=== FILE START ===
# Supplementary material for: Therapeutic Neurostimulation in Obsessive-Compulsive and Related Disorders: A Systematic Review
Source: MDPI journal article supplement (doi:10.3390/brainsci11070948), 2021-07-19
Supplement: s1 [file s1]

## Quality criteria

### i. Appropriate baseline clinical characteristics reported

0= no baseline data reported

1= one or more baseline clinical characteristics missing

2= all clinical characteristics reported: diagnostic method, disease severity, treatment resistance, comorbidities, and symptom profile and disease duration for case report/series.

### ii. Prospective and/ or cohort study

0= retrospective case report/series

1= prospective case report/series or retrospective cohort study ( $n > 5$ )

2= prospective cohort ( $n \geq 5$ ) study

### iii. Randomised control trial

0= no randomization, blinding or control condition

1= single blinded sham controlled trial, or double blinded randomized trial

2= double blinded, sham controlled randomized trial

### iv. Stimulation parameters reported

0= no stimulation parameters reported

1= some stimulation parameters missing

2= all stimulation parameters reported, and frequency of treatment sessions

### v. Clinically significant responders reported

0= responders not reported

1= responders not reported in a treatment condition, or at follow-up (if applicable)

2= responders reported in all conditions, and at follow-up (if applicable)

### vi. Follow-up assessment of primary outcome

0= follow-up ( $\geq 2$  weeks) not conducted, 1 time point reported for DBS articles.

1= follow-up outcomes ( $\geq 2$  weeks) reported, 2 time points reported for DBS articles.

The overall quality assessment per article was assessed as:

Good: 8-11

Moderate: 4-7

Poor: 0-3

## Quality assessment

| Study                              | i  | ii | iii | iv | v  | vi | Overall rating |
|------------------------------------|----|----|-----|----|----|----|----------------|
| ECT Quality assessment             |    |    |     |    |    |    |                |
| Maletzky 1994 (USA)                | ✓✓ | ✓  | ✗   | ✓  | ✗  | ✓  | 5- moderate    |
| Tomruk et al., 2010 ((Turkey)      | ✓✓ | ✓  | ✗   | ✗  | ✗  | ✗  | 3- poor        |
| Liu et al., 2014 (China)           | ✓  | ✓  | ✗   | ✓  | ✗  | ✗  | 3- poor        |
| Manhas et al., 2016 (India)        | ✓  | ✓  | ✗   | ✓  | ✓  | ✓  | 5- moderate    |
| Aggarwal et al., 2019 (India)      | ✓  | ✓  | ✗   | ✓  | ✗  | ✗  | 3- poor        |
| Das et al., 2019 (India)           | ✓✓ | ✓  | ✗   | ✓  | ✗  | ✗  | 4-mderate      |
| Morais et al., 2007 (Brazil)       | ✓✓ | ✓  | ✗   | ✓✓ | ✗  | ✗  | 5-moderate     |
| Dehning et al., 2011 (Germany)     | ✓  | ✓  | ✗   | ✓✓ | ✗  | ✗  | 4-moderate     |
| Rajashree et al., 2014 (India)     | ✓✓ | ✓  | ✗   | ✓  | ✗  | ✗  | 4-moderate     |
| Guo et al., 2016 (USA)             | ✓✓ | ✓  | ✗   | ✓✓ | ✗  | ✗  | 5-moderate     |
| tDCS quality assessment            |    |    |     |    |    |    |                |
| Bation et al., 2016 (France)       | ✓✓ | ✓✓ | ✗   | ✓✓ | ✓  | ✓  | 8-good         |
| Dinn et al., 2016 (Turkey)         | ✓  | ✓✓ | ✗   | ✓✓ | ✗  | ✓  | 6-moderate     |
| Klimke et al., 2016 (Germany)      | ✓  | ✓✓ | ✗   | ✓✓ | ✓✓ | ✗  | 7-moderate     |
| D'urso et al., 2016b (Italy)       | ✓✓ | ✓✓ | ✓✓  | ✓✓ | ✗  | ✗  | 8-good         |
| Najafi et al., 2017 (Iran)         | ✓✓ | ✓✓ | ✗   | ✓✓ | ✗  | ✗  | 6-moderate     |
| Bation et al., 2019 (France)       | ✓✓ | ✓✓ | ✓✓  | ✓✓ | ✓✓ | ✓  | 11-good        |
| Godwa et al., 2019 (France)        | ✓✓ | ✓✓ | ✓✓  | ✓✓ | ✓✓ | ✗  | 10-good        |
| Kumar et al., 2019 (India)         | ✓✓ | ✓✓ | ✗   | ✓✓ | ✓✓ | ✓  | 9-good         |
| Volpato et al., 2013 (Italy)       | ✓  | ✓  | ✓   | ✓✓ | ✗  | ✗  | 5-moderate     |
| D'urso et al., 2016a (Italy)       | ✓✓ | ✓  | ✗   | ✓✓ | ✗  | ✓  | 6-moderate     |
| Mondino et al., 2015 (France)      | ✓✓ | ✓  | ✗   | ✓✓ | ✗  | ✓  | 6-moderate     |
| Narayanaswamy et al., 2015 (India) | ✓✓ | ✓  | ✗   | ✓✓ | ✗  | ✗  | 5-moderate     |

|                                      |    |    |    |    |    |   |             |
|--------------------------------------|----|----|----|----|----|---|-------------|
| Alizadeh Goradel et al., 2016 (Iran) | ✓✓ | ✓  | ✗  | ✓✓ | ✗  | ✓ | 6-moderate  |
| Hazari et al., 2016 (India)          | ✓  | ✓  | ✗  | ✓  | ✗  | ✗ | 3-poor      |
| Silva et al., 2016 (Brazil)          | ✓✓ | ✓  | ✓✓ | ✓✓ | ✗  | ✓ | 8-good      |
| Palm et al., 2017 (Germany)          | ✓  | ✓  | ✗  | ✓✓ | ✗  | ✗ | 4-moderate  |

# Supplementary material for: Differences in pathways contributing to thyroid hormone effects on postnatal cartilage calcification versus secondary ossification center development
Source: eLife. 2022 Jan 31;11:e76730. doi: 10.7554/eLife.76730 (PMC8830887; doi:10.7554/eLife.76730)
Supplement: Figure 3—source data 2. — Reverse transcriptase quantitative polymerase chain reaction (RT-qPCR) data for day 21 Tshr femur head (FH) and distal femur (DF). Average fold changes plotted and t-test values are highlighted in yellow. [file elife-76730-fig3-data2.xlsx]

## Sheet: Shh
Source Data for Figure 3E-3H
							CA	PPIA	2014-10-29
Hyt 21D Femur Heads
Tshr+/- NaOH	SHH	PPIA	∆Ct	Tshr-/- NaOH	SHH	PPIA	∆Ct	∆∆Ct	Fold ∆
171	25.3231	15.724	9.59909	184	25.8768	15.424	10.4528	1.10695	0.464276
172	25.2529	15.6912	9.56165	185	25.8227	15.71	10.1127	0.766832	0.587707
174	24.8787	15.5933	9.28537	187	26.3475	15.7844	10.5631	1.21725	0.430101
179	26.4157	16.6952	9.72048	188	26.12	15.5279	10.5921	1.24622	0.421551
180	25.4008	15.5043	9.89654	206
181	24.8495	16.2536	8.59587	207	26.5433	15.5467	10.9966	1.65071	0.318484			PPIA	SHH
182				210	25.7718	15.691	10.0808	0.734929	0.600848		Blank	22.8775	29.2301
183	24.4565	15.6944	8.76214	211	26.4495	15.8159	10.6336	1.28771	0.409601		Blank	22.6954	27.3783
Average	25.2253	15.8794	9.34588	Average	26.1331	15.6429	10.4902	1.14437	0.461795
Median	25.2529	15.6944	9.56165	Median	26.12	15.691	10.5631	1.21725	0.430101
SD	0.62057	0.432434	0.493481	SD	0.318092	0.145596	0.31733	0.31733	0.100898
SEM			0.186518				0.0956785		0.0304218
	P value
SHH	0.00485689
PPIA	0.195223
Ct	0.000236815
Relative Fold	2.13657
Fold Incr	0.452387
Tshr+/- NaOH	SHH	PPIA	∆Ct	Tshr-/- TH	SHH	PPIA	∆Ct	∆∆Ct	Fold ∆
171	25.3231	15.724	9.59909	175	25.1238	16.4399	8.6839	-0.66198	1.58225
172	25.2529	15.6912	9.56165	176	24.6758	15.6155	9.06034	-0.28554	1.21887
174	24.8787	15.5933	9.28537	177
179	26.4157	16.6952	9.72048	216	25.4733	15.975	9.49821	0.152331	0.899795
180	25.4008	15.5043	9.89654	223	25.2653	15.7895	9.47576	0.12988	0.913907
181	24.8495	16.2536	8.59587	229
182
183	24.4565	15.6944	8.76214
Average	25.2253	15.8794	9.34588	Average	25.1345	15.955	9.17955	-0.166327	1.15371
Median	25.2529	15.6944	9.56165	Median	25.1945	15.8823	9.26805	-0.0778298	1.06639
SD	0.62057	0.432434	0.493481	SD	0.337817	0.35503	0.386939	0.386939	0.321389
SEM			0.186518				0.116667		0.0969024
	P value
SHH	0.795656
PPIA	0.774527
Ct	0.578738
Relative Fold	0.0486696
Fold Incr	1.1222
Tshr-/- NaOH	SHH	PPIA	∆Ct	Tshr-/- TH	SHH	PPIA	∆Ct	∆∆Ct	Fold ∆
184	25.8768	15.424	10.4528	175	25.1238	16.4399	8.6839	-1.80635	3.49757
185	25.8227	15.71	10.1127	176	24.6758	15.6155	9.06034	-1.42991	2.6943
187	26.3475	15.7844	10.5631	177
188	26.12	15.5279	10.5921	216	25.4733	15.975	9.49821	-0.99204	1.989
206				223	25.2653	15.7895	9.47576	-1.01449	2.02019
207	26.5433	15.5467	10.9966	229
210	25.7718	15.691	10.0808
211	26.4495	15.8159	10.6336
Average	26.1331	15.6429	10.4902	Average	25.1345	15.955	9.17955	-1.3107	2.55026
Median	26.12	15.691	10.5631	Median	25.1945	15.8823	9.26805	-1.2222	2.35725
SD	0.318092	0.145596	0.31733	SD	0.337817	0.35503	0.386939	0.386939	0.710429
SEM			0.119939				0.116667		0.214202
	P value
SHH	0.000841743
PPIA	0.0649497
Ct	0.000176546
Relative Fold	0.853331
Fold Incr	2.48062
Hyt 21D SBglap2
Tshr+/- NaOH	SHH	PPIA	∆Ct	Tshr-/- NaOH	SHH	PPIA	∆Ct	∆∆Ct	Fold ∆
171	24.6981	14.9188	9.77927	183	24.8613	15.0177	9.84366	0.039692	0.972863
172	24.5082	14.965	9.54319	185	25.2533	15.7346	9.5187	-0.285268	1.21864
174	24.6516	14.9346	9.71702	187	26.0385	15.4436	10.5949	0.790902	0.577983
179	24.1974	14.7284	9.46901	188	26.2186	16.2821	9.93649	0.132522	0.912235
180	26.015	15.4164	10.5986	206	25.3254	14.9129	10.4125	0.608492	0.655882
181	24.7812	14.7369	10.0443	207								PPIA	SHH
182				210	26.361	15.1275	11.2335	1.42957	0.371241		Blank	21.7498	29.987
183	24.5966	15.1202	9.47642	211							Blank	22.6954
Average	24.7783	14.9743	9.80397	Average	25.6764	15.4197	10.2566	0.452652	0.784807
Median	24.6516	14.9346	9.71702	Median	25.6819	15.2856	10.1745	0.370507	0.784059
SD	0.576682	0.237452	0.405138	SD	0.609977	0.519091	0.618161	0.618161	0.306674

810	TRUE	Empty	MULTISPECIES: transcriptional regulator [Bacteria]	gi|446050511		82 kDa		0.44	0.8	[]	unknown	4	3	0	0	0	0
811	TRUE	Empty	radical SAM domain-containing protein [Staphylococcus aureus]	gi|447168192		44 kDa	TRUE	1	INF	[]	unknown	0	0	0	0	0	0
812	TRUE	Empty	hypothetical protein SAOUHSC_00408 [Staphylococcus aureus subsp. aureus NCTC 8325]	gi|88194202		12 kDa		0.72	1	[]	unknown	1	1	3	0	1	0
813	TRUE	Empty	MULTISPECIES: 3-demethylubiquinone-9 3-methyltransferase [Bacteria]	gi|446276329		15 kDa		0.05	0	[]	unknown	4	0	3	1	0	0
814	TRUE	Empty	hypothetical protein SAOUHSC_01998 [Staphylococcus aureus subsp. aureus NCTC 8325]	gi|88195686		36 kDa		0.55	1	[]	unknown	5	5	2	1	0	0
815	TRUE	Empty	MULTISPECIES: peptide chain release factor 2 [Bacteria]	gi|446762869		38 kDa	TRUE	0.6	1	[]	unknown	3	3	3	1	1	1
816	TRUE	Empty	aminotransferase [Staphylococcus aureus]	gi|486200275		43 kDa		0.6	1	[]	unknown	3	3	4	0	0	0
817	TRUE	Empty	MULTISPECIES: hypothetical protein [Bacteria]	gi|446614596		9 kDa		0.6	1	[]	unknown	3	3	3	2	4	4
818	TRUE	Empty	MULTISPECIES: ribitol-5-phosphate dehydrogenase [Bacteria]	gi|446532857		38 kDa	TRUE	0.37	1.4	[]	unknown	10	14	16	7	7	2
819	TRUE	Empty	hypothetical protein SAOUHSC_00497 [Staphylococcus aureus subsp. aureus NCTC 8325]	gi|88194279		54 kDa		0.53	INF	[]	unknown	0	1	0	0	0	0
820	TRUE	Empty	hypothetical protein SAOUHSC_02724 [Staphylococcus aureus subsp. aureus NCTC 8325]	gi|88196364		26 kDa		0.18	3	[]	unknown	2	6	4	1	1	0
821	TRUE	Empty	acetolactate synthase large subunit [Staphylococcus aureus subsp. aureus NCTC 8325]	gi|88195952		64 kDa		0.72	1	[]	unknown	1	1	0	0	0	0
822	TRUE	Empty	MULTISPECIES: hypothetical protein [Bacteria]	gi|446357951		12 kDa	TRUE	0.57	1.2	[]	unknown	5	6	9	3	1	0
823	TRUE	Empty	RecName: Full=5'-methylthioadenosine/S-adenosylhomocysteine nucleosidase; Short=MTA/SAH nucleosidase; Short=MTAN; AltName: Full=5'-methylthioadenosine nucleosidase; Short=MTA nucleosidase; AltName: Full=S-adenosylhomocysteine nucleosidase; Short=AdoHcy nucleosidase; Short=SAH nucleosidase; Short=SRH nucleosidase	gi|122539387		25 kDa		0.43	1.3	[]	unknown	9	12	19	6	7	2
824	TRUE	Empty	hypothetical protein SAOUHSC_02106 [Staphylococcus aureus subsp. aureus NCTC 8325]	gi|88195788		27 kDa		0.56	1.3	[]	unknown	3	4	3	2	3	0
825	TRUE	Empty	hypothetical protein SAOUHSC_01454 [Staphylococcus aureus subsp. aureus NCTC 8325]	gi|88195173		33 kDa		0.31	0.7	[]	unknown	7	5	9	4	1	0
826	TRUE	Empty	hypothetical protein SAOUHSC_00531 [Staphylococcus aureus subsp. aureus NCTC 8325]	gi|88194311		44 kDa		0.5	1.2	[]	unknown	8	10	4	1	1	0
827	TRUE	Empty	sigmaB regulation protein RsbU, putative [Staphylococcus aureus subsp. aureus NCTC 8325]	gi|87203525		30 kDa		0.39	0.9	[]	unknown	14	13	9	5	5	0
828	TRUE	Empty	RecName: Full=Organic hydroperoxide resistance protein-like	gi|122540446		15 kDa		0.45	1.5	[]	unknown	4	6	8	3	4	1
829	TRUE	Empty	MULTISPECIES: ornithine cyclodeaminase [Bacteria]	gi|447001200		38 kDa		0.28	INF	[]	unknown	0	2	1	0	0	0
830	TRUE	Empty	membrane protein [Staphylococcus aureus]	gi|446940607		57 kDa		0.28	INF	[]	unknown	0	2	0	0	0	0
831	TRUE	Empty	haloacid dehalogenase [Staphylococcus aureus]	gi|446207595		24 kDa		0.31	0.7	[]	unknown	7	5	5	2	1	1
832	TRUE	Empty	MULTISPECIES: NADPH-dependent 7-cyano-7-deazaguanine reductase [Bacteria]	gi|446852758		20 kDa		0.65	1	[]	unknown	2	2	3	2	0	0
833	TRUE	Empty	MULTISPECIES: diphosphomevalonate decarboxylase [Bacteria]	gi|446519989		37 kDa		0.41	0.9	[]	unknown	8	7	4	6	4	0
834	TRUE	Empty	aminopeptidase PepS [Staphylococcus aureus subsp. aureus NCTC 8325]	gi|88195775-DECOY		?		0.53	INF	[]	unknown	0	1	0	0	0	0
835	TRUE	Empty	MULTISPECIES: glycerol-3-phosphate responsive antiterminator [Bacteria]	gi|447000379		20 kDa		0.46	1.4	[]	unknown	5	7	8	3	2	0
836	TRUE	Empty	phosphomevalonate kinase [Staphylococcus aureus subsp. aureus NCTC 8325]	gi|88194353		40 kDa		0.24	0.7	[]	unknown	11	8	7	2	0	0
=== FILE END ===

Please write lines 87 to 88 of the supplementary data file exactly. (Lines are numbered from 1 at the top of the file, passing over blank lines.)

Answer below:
PPIA	0.195223
Ct	0.000236815